CCRC presents at The European Workshop in International Studies 2019

Recently, KGRI Project Assistant Professor Tobias Burgers participated in the European International Studies Association’s annual conference: The European Workshop in International Studies (EWIS), hosted this year in Krakow, Poland on June 26-29, 2019. Among the leading conferences on the continent, it hosted a wide array of European and global researchers, with this year’s theme: The Future of International Relations In The Next 100 Years.

Mr. Burgers presented two papers at the workshops that focused on information warfare and its implications for international security relations and conflict. The first paper, part of Prof. David Farber’s A Silent Spring for Cybersecurity research project at Keio University Cyber Civilization Research Center, focused on cyber conflicts and its escalatory potential. In his presentation, Mr. Burgers made the case on the instability of international cyber conflict, as well the absence of established rules and norms, yet the increasing tendency to seek to destroy physical targets through cyber means, there is an increased risk that a cyber conflict spiral could develop with implications beyond the digital domain into the physical realm. In this Mr. Burgers argued that cyber conflict has the potential to serve as catalysator of instability, increasing security tensions in the East Asian region. He made the case for a broader debate on establishing and developing regionally accepted norms, rules, and red lines, as well as analyzing what de-escalatory measurements could be formed.

His second paper discussed critical security studies (CSS) in an age of rapid development and integration of new(er) technologies into the military domain. Mr. Burgers argued that CSS faces two major and paradoxical problems when it comes to further future research on these topics, providing major obstacles for the effectiveness of its research base. First, the speed of technological development versus the cycle of research and publishing is deeply disproportionate. In this, there is a significant gap between the current state of technological development, and the current state of academic research on it, posing a significant set of problems on how to critically engage in research on these subjects. Second, he identified an increasing problem of access to information: Technological advancement has reduced the human role in conflict and increased their distance to the area of conflict. This has meant that the observers -e.g. journalists – are finding it increasingly difficult to gain access to information. They have come depended on those directly participating in the conflict – e.g. militaries – as the main provider of sources of information. Yet such actors who have demonstrated a limited interest in openness and providing unbiased information. The combination of these problems poses a serious risk for the field of critical security studies effective and critical research.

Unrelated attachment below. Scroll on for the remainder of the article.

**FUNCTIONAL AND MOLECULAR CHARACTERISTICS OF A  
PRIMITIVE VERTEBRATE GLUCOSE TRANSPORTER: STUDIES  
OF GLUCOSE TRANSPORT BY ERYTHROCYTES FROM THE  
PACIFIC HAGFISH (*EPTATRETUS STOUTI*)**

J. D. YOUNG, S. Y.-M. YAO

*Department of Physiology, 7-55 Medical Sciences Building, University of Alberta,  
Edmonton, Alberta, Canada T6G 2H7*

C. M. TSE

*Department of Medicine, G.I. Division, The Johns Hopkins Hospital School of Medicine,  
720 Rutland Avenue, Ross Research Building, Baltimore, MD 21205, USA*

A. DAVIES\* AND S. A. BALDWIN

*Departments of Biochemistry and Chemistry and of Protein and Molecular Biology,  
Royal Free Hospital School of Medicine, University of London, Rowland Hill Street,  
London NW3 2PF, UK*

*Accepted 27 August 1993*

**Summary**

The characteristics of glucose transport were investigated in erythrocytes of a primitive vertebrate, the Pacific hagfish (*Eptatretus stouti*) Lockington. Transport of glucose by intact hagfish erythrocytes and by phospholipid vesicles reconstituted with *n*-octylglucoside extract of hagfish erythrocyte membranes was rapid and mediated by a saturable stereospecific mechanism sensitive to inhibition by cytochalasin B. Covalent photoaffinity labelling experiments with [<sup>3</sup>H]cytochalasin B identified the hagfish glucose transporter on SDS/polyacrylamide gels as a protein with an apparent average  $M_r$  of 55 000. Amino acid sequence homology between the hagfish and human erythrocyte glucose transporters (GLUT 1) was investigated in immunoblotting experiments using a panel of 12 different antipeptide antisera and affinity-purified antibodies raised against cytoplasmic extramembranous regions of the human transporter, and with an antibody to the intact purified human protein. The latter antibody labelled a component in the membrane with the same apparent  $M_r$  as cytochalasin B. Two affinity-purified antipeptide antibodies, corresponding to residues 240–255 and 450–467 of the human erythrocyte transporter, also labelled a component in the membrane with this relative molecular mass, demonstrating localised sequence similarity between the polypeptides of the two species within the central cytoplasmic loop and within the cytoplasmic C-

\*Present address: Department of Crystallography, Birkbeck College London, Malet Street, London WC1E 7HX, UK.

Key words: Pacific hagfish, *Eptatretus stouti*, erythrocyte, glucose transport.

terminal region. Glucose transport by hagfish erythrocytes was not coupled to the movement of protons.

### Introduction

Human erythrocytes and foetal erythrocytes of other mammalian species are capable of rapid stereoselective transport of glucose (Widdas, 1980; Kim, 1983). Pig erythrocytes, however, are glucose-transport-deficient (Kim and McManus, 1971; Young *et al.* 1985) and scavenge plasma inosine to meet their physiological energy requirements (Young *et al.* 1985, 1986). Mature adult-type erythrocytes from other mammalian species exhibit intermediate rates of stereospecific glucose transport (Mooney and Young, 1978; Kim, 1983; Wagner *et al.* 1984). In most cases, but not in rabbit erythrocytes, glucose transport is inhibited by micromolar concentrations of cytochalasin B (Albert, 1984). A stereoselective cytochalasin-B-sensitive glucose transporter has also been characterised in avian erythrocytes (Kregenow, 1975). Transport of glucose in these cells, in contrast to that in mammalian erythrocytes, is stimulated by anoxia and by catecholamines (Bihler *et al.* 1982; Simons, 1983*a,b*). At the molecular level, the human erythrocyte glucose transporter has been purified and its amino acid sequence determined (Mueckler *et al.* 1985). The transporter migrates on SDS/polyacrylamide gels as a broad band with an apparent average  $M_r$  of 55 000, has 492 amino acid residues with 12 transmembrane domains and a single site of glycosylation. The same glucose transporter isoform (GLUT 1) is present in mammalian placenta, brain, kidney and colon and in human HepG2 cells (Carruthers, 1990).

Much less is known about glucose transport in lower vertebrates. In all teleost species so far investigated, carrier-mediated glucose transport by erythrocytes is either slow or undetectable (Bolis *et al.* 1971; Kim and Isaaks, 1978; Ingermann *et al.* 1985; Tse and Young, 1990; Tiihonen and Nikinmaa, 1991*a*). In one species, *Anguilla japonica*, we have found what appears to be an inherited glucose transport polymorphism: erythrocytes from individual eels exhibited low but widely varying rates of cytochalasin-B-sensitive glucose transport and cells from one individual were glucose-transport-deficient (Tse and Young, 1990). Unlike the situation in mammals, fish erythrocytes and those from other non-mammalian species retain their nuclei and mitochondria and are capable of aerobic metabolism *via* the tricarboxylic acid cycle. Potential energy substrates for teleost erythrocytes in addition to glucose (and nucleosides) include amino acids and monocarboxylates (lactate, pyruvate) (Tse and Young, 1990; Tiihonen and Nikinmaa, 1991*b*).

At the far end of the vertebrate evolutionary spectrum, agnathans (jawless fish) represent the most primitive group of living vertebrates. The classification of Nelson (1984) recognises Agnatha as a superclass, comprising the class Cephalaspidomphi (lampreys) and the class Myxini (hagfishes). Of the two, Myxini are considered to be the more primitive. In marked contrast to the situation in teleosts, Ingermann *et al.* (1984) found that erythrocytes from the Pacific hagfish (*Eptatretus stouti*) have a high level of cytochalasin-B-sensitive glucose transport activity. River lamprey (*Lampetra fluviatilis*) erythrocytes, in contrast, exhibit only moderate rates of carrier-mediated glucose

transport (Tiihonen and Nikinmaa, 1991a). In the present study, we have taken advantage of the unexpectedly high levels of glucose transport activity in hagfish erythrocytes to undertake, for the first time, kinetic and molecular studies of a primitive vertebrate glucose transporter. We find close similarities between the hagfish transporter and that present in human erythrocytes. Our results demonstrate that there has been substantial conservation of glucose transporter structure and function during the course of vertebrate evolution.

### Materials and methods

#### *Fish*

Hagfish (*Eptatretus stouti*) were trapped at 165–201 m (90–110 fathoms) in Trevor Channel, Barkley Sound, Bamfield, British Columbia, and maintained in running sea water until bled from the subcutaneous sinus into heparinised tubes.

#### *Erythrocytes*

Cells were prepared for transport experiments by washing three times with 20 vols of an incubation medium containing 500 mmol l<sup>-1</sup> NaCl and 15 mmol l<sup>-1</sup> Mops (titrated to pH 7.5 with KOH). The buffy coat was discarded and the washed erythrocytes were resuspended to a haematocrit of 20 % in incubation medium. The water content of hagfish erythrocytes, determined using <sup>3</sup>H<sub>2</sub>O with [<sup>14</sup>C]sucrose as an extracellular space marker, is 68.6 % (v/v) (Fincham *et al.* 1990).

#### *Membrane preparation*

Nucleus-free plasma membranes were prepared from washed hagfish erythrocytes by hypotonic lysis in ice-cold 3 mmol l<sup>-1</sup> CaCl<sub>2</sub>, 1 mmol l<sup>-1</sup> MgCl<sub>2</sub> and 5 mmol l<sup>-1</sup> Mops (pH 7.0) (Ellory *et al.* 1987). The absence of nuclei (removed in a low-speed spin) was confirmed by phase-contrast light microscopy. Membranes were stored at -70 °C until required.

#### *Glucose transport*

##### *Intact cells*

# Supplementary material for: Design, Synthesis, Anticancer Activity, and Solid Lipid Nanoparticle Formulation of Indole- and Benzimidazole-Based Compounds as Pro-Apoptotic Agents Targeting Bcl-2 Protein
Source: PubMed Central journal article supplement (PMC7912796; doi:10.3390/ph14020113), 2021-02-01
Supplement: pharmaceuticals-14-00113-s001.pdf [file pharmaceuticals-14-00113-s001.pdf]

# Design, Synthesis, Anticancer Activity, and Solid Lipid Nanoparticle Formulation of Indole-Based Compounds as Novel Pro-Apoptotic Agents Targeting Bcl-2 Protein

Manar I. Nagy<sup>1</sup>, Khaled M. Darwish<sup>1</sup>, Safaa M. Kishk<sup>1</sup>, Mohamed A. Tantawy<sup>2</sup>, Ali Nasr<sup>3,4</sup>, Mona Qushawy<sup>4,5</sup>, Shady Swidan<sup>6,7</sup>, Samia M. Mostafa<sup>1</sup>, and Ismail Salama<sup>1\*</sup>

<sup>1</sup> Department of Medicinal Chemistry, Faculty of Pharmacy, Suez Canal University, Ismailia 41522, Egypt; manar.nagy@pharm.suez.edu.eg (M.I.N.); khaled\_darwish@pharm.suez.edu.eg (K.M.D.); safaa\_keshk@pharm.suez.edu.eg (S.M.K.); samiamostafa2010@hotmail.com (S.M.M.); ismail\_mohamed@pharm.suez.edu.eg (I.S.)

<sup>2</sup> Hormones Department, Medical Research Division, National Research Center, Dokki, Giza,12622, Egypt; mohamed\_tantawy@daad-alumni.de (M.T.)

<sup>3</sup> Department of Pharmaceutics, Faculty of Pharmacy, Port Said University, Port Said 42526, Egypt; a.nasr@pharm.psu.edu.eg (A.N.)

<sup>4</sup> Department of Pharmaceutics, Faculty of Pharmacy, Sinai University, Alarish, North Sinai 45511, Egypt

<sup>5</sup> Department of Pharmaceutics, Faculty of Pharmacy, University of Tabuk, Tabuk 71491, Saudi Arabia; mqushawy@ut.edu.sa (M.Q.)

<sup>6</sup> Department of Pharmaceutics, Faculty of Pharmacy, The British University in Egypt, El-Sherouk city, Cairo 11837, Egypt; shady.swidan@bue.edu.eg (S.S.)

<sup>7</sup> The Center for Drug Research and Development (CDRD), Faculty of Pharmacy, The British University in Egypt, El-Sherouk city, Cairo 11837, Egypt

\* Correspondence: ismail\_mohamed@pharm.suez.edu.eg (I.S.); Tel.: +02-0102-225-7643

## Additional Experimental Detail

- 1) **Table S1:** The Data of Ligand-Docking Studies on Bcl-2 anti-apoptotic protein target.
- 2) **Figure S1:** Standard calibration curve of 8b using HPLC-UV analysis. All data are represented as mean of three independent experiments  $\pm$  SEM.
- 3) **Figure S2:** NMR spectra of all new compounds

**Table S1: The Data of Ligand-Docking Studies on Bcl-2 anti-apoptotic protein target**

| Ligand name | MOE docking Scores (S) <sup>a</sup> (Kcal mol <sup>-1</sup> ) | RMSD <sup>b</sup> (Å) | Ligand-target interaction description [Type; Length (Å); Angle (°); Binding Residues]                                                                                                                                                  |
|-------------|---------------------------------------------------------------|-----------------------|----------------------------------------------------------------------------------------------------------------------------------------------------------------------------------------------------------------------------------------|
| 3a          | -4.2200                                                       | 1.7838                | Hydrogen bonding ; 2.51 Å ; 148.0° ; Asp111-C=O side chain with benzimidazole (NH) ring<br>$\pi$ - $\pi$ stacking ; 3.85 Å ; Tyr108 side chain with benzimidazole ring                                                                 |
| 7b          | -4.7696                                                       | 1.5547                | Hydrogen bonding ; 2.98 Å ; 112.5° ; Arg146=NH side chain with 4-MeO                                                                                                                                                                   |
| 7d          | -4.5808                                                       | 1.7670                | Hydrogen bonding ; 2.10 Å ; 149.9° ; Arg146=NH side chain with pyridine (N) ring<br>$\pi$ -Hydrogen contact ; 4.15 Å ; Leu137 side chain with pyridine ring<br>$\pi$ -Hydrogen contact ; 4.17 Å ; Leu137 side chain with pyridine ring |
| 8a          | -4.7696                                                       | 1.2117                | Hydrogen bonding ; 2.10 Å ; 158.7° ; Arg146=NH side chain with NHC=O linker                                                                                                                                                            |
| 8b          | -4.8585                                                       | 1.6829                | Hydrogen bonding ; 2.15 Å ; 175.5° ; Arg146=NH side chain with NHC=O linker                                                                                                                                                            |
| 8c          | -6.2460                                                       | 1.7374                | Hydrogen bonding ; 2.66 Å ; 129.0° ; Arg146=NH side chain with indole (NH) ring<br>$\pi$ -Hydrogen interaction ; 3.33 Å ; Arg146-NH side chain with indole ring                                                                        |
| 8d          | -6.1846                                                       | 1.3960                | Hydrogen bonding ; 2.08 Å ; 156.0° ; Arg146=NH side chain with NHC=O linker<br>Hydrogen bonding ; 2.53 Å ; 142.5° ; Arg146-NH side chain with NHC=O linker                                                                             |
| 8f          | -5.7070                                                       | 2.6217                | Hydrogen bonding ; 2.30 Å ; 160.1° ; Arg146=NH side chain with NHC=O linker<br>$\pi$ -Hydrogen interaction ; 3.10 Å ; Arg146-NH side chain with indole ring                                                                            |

Besides discussions over the above topics, the workshop also debated Russian information warfare tactics, the age of AI and big data and its impact on information warfare, among others. An agreement was reached to explore if a standing group on information warfare can be formed that would meet annually to discuss information warfare concepts and to compare regional information warfare concepts and developments.